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Does Winter Kill the Grass? Common Things That Can Damage Your Lawn in Winter and How to Deal with It

Your lawn has plenty of things that can damage it in winter. These things include:


Voles dig beneath the snow and munch on turfgrass. They are active all winter, digging through the grass where it is warm beneath the snow.

Voles leave a network of crisscrossing trails behind, which you can see as the snow melts.

While there is some damage on the grass, their effects rarely last. To hide the traces, rake up all the dead grass, and the lawn will regrow and fill in the damaged places on its own.

This may take some time, so use some seed and cover it with dirt to speed things up once the growing season starts.

You can also use traps baited with peanut butter, rolled oats, or peanuts. You should place the baits in PVC pipes stretched horizontally along the ground to protect pets and children.

Vole repellents containing the active ingredient castor oil are recommended by the University of Kentucky.

You might be tempted to use poison to kill the voles, but don’t. This is because the poison can kill other animals, especially birds (such as owls, which feed on voles). Your pets (cats and dogs) can feed on the poisoned voles, and they die.

It’s also meaningless. With voles, there is no such thing as one yard. Look around your neighborhood; everyone most likely has the same problem.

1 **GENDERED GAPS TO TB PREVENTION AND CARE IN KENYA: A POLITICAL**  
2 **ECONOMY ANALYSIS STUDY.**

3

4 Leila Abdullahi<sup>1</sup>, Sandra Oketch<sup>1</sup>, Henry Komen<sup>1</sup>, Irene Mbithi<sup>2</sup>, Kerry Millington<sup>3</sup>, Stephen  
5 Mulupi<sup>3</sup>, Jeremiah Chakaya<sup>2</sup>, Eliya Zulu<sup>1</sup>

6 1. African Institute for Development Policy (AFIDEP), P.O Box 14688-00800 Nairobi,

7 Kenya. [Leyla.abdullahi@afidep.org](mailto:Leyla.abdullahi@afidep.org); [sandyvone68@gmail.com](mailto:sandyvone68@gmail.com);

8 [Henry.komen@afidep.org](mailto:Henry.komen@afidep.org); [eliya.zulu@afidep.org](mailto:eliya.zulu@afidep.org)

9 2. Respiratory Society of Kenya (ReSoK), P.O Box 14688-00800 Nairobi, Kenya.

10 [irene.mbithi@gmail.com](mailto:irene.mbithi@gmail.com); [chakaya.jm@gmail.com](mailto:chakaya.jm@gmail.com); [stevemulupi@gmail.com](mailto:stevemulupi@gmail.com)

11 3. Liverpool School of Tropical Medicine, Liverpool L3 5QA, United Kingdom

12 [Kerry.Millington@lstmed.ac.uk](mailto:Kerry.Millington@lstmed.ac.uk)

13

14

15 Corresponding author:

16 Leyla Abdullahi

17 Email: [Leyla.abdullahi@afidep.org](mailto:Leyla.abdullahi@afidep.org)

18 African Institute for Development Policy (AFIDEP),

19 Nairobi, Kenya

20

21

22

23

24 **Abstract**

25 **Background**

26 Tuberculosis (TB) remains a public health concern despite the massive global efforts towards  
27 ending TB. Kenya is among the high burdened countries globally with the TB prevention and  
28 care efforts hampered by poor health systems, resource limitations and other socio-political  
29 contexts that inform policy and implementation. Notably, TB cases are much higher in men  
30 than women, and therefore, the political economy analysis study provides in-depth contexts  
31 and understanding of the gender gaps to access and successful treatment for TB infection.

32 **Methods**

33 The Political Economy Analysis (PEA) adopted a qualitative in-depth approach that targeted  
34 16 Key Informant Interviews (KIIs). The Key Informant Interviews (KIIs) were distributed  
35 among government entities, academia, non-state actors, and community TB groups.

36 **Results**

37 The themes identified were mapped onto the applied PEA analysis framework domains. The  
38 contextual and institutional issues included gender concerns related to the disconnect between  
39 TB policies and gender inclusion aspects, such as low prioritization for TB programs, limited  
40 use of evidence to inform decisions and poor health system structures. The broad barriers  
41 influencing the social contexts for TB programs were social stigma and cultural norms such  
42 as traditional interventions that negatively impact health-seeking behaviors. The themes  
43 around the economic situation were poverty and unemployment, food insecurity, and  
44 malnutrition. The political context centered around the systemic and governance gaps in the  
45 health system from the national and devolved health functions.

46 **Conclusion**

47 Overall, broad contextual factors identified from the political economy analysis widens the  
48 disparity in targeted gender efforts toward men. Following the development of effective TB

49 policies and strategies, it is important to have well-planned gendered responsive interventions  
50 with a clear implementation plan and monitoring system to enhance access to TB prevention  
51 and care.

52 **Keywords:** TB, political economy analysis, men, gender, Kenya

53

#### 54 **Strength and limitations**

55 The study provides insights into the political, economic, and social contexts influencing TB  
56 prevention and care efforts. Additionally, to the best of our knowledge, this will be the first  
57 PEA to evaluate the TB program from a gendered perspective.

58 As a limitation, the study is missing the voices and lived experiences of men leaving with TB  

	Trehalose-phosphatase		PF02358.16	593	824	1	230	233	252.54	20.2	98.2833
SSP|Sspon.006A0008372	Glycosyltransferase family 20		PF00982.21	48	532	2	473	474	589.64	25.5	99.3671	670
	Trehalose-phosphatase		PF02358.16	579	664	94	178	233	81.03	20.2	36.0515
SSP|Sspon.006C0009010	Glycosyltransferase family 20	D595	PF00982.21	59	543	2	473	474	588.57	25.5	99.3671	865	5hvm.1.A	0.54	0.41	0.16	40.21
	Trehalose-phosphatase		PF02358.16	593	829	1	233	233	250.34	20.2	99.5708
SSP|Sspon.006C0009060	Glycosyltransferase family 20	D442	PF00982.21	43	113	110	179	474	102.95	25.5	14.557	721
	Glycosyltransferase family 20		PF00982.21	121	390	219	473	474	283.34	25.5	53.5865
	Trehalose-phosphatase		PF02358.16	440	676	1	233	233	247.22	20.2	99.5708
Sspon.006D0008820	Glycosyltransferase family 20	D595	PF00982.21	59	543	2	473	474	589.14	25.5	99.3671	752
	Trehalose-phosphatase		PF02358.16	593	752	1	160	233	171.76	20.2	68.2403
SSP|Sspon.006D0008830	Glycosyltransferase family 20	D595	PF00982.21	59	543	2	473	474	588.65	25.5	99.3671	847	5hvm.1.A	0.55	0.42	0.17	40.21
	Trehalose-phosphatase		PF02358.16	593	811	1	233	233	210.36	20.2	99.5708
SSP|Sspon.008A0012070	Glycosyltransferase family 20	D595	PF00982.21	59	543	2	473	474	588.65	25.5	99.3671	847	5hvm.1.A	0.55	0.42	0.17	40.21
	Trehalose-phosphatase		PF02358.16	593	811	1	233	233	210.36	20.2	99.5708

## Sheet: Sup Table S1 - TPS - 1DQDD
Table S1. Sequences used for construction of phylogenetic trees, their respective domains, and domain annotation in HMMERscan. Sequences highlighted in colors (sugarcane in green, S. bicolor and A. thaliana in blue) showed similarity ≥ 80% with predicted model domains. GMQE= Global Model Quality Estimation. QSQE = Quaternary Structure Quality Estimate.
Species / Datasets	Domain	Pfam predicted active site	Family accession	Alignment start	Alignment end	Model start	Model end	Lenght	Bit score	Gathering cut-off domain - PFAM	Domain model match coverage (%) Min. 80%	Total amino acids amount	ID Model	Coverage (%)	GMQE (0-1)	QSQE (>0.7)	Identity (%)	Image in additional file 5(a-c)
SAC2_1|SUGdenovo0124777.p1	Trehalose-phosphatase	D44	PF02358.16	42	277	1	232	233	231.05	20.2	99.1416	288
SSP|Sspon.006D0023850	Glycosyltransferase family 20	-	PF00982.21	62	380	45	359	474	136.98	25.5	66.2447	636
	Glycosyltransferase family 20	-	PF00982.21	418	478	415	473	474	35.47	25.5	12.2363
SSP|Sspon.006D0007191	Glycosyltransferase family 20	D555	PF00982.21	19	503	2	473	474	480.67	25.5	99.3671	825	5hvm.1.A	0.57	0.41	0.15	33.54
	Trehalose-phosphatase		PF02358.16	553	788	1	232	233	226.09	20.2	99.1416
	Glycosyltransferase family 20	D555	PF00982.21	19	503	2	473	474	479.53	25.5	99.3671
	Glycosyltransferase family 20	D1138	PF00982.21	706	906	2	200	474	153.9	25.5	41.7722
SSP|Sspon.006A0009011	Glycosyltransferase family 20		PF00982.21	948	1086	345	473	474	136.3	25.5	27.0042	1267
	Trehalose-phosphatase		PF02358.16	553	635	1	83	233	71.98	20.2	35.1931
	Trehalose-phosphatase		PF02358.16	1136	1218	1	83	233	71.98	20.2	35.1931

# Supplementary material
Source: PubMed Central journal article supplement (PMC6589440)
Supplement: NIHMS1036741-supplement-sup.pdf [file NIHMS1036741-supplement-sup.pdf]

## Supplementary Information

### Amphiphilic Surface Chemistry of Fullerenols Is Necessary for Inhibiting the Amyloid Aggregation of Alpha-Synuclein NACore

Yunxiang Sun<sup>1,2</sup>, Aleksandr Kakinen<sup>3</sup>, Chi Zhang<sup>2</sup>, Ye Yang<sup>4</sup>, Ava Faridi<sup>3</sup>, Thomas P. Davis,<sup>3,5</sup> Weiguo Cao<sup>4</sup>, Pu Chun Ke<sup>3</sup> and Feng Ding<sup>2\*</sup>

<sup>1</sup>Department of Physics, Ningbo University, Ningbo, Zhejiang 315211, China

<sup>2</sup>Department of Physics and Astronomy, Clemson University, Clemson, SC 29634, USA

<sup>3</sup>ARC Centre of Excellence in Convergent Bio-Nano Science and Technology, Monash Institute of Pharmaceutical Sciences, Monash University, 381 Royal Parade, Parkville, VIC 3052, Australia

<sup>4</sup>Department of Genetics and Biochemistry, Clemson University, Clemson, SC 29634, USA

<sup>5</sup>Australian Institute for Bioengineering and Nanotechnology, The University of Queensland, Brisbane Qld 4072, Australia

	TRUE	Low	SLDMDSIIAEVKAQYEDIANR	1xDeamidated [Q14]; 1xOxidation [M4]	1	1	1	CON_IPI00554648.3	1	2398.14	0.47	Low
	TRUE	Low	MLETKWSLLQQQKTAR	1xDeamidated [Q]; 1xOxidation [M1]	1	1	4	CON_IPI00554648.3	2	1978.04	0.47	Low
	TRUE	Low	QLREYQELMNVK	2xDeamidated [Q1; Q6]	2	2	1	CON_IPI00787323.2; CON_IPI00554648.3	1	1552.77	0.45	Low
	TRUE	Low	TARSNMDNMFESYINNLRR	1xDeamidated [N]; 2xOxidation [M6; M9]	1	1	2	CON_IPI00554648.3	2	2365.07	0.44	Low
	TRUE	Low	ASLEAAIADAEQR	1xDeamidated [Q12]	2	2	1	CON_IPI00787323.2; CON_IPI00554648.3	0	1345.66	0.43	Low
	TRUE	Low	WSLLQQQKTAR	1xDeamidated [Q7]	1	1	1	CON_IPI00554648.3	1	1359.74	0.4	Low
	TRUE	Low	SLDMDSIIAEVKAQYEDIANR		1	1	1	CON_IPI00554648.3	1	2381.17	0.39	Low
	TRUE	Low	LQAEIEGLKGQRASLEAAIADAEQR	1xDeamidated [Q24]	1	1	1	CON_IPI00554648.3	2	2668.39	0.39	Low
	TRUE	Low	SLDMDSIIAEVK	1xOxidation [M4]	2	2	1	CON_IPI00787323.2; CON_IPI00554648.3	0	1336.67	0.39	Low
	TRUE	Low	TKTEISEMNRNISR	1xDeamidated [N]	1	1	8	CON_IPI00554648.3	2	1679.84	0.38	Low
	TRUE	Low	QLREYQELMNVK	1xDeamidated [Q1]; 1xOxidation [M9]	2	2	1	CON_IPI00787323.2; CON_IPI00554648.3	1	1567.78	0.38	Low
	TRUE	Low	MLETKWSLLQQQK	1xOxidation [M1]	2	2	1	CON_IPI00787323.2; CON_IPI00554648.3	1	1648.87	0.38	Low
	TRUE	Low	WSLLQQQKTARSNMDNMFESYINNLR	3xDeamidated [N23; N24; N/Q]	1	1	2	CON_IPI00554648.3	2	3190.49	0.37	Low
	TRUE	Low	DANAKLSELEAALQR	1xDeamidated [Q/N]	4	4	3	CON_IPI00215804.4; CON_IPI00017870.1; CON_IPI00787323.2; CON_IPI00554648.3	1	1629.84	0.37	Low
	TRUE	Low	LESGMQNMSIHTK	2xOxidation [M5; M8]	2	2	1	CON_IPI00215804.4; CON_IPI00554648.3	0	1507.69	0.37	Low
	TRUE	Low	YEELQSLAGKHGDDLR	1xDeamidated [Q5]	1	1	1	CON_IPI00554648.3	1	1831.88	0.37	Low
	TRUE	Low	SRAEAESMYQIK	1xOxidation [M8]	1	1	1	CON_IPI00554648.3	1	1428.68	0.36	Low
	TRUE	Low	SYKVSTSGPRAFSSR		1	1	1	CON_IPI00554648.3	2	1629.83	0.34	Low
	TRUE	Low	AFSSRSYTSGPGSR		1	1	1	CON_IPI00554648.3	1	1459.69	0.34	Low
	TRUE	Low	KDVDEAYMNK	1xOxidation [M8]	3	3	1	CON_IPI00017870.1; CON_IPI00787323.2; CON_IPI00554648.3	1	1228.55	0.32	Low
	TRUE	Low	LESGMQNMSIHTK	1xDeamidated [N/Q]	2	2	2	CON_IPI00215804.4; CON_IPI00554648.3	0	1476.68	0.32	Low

Even if you successfully eliminated yours, others would simply move in to fill the void.

This is a problem that you must learn to live with. Patch the grass in the spring, and don’t bother about it the rest of the year. It’s not that big of a deal.

You can reduce vole damage by keeping your lawns mowed and cleaning up any leaves that might be there.

When their food and cover are scarce, they have no reason to come to your lawn. They are also vulnerable to predators who prey on them.

Salt damage

If you are wondering, does salt ruin a lawn? Yes, it does. Salt is a powerful drying agent, so many people use it to melt ice.

As it melts through the snow and ice, it ends up in your lawn, seeping into the earth and drying up roots.

Depending on the degree of the salt damage, your lawn may be able to recover fast — but in most cases, the damage will result in brown areas of dead grass.

In most cases, you must reseed these areas to have the green, healthy grass you are after.

If you are looking to protect your grass from damage in the first place, there are several things you can do. These things include:

Cover up the grass: Cover the borders of your grass with burlap sacks or landscaping cloth from your local hardware store or nursery. This will protect the most vulnerable portions of your yard from salt damage.

Shovel the snow: Shoveling snow from your driveway and walkways keeps it from freezing and allows you to remove snow without using dangerous chemicals.

If you are out of town or absent for a few days, move shoveled snow away from your grass, as the remaining salt may undo your efforts.

Use less toxic salts: Although rock salt, also known as sodium chloride, is the most commonly used salt for melting snow and ice, other ways exist to improve your traction on the road.